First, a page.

In the midst of the unknowing, I began looking for signs that God was present to me, even in the mists of anxiety. Paula D’Arcy wrote of how her story and the life of a redbird intersected in life-giving ways in her book, The Gift of the Redbird. Just weeks after I read her account, during a very difficult time in my life, a red bird appeared in my backyard, and I saw her three times over the course of two weeks – and I have not seen her since. This week, I saw two redbirds in my backyard – and a tiny yellow one in the front yard. I claimed these feathered guests as the reminder of God that insisted, “I’m here,” in case I forgot how faithful he was during those weeks of uncertainty in the past.
Listen for the Wind of the Spirit
On a weekend of vacation, I found myself in the church I grew up in, between my mother, frailer each time I see her, and my sister, with her new son in her arms. As we stood to sing, the organ began a haunting melody:
Spirit, spirit of gentleness, blow through the wilderness, calling and free,
Spirit, spirit of restlessness, stir me from placidness, Wind, wind on the sea.
You call from tomorrow, you break ancient schemes,
From the bondage of sorrow the captives dream dreams;
Our women see visions, our men clear their eyes,
With bold new decisions your people arise. (James K. Manley)
Pay attention, nodded the Spirit. Just in case I didn’t, there they were again, in Joan Anderson’s beguiling account of her friendship with Joan Erickson:
Blow through the wilderness . . . stir me from placidness . . .
A Safe Ear
Traditionally, there has been a request for secrecy until the arrangements of a move can be finalized, and having to keep this life-changing news to yourself can make a difficult situation worse. That is when it is good to have a listening ear outside of the denomination. For as careful as you are to speak only to those you trust, too much pressure is placed on them to “keep the secret,” and too much is at stake in the air of flying gossip. A spiritual director, former seminary professor, or pastor in another denomination out-of-state could be a safe choice. As an extra perk, you get an outside perspective on the situation.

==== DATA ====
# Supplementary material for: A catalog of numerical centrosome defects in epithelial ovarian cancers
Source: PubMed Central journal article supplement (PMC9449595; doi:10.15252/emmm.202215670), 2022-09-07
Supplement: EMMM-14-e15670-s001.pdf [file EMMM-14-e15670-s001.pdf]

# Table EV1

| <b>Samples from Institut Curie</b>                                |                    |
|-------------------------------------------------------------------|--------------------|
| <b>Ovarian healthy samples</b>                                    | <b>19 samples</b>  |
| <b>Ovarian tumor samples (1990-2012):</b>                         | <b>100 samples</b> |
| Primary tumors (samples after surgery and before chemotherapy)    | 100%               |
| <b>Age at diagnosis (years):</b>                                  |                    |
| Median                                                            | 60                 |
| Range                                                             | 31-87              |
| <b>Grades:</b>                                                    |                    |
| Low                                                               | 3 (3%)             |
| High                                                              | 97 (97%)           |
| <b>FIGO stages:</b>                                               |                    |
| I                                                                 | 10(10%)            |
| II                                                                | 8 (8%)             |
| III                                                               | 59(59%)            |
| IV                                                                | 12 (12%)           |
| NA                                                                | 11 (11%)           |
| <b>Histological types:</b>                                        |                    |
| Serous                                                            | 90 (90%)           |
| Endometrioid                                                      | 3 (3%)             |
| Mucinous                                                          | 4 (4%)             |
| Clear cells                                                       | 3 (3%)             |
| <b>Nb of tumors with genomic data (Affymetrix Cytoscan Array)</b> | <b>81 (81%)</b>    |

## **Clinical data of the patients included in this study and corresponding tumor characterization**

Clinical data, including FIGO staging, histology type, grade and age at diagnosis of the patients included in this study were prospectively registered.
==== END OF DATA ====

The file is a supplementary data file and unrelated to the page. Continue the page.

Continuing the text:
At some point in your life, you trusted God enough to place your life under the authority of the denomination in which you serve. I was twenty. I look at my young adult sons and ask, what does a twenty-year-old know about trusting God? About life? Yet I made that commitment, and I have kept it now for thirty years.
Yet a high level of anxiety, especially one that seems out of proportion to the actual likelihood of a re-assignment, could be a sign that you need to pay attention to. Can I continue in this system? What are the options? The week before new appointments are announced is not the best time to entertain these questions, but taking a serious look at them with your spouse and family during a less stressful time can be life-giving. It may be that you are able to continue in the ministry under these conditions, and, like my Methodist friend, find a sense of God’s peace about that direction: “My husband is being asked to move again, and this time he really struggled with a continuing of his call to ordained ministry within the denomination. But, through prayer and the baby steps of listening as well as we could, we felt called to continue within the denomination.”
You may find, however, that your understanding of God and life has changed, and that you can find obedience to him without being in an itinerant system. There are no clear-cut directions in the scripture that prescribe one system or the other – if there were, then (maybe) there would be one system. God may be giving you permission to seek other options for service, or giving you the motivation to work for change in the system. After all, it is a system that has been created by people, not handed down from Mt. Sinai. The Salvation Army’s system developed out of the context of one family’s vision, based on what they knew of the church in the mid 1800’s, with an overlay of a military metaphor. Right or wrong, healthy or unhealthy, it is what it is. Maybe we just need to unplug the Bop-a-Moley machine – or get a bigger hammer!
Major JoAnn Shade D. Min